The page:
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The trauma of peer victimization: Psychophysiological and emotional characteristics of memory imagery in subjects with social anxiety disorder

Authors

  • Lisa M. Sansen,

    Corresponding author
    1. Department of Clinical Psychology and Psychotherapy, Bielefeld University, Bielefeld, Germany
    2. Christoph-Dornier-Stiftung für Klinische Psychologie (Christoph Dornier Foundation), Bielefeld, Germany
    • Address correspondence to: Lisa M. Sansen, Department of Clinical Psychology and Psychotherapy, Bielefeld University, P.O. 100 131, 33501 Bielefeld, Germany. E-mail: lisa.sansen@uni-bielefeld.de

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  • Benjamin Iffland,

    1. Department of Clinical Psychology and Psychotherapy, Bielefeld University, Bielefeld, Germany
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  • Frank Neuner

    1. Department of Clinical Psychology and Psychotherapy, Bielefeld University, Bielefeld, Germany
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  • The authors would like to thank Nicole Hippe and Mira Sander for their assistance with data collection, Annika Jungwirth for her assistance with data preparation, and Katy Robjant for editing. Research was funded by means of the Young Researchers' Fund of Bielefeld University and Christoph Dornier Foundation.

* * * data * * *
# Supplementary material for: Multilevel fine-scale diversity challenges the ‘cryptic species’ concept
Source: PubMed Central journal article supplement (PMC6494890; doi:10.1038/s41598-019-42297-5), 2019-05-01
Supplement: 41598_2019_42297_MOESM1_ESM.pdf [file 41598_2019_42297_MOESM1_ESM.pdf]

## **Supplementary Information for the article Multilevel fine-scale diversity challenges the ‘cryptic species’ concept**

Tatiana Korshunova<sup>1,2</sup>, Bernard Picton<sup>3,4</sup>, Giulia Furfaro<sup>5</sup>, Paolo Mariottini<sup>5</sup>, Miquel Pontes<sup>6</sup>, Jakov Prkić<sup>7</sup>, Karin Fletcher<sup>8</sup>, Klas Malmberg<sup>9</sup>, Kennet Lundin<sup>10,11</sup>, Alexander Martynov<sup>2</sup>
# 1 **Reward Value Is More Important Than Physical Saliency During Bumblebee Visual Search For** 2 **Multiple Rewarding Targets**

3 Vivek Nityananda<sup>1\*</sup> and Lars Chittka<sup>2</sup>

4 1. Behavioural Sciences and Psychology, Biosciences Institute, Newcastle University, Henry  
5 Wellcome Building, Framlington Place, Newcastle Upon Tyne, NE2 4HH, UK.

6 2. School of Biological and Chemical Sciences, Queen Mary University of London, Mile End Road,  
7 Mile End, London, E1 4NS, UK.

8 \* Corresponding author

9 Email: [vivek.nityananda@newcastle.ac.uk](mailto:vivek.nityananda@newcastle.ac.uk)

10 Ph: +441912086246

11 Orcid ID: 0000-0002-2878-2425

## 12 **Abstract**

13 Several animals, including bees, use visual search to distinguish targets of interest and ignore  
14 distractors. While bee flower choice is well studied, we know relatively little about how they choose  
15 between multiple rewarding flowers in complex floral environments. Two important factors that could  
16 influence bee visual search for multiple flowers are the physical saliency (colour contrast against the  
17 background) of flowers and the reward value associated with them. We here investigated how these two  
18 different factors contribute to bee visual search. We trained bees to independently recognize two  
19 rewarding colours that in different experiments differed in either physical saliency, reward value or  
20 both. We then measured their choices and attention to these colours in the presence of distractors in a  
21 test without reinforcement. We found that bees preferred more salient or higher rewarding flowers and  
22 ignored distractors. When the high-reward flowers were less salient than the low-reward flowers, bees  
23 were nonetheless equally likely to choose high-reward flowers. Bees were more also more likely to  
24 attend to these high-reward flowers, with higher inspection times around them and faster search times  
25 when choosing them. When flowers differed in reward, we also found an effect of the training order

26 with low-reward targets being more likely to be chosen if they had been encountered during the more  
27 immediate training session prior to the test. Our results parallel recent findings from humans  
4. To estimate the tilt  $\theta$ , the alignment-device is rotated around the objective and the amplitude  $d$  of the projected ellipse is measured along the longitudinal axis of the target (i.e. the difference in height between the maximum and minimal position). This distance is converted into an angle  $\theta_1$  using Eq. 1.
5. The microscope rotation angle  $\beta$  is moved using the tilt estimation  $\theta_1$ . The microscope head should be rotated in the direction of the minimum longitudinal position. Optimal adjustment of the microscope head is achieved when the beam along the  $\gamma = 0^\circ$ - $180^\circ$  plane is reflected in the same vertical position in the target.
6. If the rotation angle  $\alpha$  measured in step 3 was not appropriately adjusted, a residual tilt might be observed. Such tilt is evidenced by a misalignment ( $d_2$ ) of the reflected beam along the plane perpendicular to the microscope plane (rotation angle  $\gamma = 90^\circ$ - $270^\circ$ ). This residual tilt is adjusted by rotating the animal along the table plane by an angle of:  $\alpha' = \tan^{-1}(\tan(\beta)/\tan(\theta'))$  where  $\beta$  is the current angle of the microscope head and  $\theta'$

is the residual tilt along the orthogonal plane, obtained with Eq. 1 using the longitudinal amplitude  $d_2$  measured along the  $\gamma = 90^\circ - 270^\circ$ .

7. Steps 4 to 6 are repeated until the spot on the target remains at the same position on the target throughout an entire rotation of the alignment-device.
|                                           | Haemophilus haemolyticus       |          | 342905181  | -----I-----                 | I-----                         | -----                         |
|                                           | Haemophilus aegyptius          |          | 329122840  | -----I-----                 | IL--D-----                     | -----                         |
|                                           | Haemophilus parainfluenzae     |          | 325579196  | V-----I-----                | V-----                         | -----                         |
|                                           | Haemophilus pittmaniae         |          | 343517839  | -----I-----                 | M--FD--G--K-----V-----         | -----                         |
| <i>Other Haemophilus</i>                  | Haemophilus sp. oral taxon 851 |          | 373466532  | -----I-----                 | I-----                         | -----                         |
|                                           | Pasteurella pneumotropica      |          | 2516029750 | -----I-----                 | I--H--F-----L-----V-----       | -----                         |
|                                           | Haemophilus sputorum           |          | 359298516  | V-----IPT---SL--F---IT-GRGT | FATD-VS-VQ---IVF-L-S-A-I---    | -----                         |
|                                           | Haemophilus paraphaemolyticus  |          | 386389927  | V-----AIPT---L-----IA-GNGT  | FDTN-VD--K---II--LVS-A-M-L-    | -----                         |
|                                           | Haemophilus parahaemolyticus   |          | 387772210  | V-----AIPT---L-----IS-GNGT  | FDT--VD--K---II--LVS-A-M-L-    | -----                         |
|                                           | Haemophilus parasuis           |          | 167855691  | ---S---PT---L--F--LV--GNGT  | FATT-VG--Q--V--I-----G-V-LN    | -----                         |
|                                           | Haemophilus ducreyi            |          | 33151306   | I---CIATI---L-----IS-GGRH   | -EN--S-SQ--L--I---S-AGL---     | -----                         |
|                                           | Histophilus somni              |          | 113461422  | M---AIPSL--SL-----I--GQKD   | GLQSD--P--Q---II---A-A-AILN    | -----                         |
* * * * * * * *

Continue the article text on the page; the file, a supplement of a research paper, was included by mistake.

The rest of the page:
Abstract

The study investigated the role of an associative information network as a mechanism underlying the relation of peer victimization and social anxiety disorder (SAD). A sample of N = 80 was divided according to diagnosis (SAD vs. no diagnosis) and amount of peer victimization (low vs. high). Responses to memory of a personally experienced aversive social situation and to imagining a standardized negative social situation were assessed. In terms of skin conductance level, subjects with SAD and peer victimization were more reactive to the memory script than the other three groups while responses to the standardized script did not vary. As to heart rate, there were no differences between the groups. Emotional responses presented with an inconsistent pattern. The results provide a first indication that associative memory structures resulting from aversive social experiences might play a role in the development and maintenance of SAD, but further research is needed.

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